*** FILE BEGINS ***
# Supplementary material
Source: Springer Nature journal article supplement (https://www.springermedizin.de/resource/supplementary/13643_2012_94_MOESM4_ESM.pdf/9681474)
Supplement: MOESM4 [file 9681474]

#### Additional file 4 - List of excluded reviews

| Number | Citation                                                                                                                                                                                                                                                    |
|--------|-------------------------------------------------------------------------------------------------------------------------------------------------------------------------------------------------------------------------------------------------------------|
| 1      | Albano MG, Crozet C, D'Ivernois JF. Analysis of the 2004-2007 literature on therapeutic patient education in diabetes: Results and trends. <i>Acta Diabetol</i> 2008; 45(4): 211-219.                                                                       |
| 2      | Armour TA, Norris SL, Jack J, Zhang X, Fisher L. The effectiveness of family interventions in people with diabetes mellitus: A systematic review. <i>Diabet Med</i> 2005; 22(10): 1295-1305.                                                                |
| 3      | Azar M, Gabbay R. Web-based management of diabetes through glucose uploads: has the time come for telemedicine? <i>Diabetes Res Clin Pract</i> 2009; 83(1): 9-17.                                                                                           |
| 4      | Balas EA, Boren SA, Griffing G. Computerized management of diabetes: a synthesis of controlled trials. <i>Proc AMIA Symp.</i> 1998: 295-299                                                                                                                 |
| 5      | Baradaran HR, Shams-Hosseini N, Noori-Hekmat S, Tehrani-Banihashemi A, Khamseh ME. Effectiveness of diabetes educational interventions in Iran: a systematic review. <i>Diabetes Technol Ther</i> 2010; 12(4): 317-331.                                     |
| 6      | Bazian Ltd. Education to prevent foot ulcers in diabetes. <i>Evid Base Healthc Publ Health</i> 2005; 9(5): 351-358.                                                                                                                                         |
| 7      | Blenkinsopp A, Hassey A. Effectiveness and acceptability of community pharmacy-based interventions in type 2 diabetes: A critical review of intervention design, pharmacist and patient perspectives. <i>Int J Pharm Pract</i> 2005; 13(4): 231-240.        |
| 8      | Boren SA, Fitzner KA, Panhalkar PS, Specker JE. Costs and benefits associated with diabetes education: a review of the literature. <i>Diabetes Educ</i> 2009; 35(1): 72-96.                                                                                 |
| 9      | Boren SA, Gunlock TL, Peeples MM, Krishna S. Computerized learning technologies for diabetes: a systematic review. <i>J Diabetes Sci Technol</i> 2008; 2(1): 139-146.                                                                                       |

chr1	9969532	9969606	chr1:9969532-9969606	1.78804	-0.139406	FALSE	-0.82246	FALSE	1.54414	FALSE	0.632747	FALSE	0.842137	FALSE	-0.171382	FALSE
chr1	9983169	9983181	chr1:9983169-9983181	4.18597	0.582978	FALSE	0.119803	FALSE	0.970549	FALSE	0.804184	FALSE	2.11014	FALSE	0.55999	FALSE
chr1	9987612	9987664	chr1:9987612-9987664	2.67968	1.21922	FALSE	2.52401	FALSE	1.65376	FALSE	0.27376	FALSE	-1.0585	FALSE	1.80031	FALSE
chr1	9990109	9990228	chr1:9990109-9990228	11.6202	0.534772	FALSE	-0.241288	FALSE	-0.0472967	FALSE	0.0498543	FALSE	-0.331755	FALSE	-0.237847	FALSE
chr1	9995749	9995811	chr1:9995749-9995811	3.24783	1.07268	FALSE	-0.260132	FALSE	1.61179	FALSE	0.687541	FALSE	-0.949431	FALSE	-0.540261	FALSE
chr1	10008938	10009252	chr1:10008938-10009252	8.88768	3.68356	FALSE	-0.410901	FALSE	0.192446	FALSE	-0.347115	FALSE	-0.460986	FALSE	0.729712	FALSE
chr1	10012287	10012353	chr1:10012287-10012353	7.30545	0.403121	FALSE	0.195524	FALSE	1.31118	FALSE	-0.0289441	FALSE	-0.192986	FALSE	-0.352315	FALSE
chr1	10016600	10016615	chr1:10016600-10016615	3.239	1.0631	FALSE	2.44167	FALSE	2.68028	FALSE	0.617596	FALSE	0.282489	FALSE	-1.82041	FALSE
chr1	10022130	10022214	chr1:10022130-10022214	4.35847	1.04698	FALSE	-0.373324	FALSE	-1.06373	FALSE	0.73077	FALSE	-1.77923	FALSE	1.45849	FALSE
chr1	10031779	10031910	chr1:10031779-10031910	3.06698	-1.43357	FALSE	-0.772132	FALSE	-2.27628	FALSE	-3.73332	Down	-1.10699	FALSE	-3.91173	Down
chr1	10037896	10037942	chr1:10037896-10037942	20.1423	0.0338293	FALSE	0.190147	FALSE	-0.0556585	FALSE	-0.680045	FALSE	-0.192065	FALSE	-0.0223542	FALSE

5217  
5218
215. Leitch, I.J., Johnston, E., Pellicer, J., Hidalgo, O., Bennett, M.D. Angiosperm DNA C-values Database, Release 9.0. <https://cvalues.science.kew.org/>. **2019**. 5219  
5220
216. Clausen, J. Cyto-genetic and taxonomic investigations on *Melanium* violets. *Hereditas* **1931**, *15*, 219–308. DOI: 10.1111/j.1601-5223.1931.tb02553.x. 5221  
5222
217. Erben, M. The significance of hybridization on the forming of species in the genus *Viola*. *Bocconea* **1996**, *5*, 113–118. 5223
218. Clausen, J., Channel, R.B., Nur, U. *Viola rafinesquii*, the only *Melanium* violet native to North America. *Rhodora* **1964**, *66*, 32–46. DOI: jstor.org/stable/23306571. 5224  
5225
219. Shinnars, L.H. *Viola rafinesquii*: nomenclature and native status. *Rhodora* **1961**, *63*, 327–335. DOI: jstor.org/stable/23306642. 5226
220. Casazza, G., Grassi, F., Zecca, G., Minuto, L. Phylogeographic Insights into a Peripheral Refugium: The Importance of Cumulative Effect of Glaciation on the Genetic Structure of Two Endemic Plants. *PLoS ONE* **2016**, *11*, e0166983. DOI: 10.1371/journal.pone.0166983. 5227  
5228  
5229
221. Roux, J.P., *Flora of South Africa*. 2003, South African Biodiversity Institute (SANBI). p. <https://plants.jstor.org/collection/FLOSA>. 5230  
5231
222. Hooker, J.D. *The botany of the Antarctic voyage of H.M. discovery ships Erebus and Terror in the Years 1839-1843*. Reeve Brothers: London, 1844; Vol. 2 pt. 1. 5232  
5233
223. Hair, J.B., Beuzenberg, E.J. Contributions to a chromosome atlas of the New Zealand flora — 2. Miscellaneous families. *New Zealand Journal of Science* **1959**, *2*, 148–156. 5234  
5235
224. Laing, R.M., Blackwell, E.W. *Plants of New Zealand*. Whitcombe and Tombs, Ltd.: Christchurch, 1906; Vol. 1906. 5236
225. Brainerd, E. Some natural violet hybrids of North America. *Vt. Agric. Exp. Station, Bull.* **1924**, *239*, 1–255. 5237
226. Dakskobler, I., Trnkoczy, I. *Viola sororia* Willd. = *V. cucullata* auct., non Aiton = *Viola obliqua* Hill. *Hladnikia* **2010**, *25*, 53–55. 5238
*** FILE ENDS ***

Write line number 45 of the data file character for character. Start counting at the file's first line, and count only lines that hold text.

5235